The next ten per cent were what Culhane calls episodic users. They would come for three weeks at a time, and return periodically, particularly in the winter. They were quite young, and they were often heavy drug users. It was the last ten per cent—the group at the farthest edge of the curve—that interested Culhane the most. They were the chronically homeless, who lived in the shelters, sometimes for years at a time. They were older. Many were mentally ill or physically disabled, and when we think about homelessness as a social problem—the people sleeping on the sidewalk, aggressively panhandling, lying drunk in doorways, huddled on subway grates and under bridges—it's this group that we have in mind. In the early nineteen-nineties, Culhane's database suggested that New York City had a quarter of a million people who were homeless at some point in the previous half decade —which was a surprisingly high number. But only about twenty-five hundred were chronically homeless.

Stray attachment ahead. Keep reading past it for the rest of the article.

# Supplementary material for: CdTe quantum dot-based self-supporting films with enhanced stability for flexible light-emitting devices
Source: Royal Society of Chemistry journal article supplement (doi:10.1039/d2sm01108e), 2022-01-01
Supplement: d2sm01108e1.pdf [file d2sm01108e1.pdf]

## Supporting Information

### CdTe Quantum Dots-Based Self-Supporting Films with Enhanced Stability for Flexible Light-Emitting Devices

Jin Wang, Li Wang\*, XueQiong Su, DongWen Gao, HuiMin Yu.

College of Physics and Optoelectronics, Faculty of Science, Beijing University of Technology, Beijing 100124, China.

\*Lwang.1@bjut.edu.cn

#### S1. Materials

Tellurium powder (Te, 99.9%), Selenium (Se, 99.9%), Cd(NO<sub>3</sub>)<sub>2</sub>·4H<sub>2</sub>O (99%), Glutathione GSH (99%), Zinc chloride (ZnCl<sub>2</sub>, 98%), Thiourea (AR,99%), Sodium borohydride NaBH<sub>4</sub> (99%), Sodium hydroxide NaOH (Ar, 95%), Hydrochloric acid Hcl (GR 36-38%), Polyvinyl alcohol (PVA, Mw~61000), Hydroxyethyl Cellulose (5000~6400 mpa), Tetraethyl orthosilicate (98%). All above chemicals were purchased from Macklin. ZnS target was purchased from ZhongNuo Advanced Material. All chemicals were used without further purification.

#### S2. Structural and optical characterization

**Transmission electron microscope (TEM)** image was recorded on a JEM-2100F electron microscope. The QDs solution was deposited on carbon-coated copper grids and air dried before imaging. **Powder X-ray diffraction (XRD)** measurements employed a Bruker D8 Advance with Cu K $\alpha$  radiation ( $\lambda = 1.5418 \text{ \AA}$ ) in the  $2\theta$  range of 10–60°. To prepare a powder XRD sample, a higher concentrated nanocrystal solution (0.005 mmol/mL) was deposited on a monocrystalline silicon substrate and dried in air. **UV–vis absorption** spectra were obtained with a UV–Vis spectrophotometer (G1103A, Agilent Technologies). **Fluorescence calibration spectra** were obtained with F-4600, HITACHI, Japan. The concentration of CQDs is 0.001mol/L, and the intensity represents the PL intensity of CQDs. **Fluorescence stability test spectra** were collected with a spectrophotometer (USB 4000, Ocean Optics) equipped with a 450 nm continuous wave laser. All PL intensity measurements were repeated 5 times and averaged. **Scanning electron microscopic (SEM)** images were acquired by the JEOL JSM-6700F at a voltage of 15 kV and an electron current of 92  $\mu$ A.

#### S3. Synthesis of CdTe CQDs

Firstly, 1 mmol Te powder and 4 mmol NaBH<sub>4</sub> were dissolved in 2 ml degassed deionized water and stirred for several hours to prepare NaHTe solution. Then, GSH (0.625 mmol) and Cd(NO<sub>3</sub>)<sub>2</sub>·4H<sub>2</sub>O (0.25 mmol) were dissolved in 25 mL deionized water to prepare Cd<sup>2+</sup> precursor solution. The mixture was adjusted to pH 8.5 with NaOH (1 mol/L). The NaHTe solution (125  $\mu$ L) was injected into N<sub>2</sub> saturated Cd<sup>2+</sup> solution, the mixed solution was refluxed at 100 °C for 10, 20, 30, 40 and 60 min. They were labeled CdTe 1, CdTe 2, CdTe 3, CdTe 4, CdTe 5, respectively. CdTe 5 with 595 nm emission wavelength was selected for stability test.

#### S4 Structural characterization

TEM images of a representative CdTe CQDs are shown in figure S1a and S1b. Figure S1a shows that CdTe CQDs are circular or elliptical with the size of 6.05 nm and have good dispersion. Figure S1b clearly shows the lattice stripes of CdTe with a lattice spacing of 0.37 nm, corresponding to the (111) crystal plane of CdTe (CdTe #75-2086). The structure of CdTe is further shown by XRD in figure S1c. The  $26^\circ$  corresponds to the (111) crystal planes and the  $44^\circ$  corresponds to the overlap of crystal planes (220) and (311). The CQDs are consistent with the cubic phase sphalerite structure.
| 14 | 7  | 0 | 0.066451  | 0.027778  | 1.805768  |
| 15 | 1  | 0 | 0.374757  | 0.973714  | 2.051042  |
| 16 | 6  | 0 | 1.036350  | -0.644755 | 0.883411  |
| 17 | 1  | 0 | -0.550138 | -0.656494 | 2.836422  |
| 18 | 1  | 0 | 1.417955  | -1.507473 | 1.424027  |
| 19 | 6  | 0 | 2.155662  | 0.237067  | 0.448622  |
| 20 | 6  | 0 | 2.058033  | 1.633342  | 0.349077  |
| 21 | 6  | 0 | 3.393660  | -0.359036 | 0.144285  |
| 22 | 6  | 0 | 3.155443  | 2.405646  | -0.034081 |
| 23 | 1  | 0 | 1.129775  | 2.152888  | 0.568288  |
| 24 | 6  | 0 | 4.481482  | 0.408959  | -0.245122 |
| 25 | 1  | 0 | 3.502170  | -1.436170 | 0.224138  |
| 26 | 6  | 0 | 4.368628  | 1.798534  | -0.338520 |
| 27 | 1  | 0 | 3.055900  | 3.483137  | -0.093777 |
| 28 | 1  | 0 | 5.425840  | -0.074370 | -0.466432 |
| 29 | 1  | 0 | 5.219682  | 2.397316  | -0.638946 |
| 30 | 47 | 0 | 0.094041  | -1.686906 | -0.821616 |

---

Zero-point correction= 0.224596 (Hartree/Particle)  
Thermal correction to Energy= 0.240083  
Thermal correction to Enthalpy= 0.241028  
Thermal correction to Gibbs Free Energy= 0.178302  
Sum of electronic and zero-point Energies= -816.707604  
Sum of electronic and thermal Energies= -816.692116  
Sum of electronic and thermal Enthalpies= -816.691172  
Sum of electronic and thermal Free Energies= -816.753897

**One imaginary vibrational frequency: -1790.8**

It turns out, furthermore, that this group costs the health-care and social-services systems far more than anyone had ever anticipated. Culhane estimates that in New York at least sixty-two million dollars was being spent annually to shelter just those twenty-five hundred hard-core homeless. "It costs twenty-four thousand dollars a year for one of these shelter beds," Culhane said. "We're talking about a cot eighteen inches away from the next cot." Boston Health Care for the Homeless Program, a leading service group for the homeless in Boston, recently tracked the medical expenses of a hundred and nineteen chronically homeless people. In the course of five years, thirty-three people died and seven more were sent to nursing homes, and the group still accounted for 18,834 emergency-room visits—at a minimum cost of a thousand dollars a visit. The University of California, San Diego Medical Center followed fifteen chronically homeless inebriates and found that over eighteen months those fifteen people were treated at the hospital's emergency room four hundred and seventeen times, and ran up bills that averaged a hundred thousand dollars each. One person . . . came to the emergency room eighty-seven times.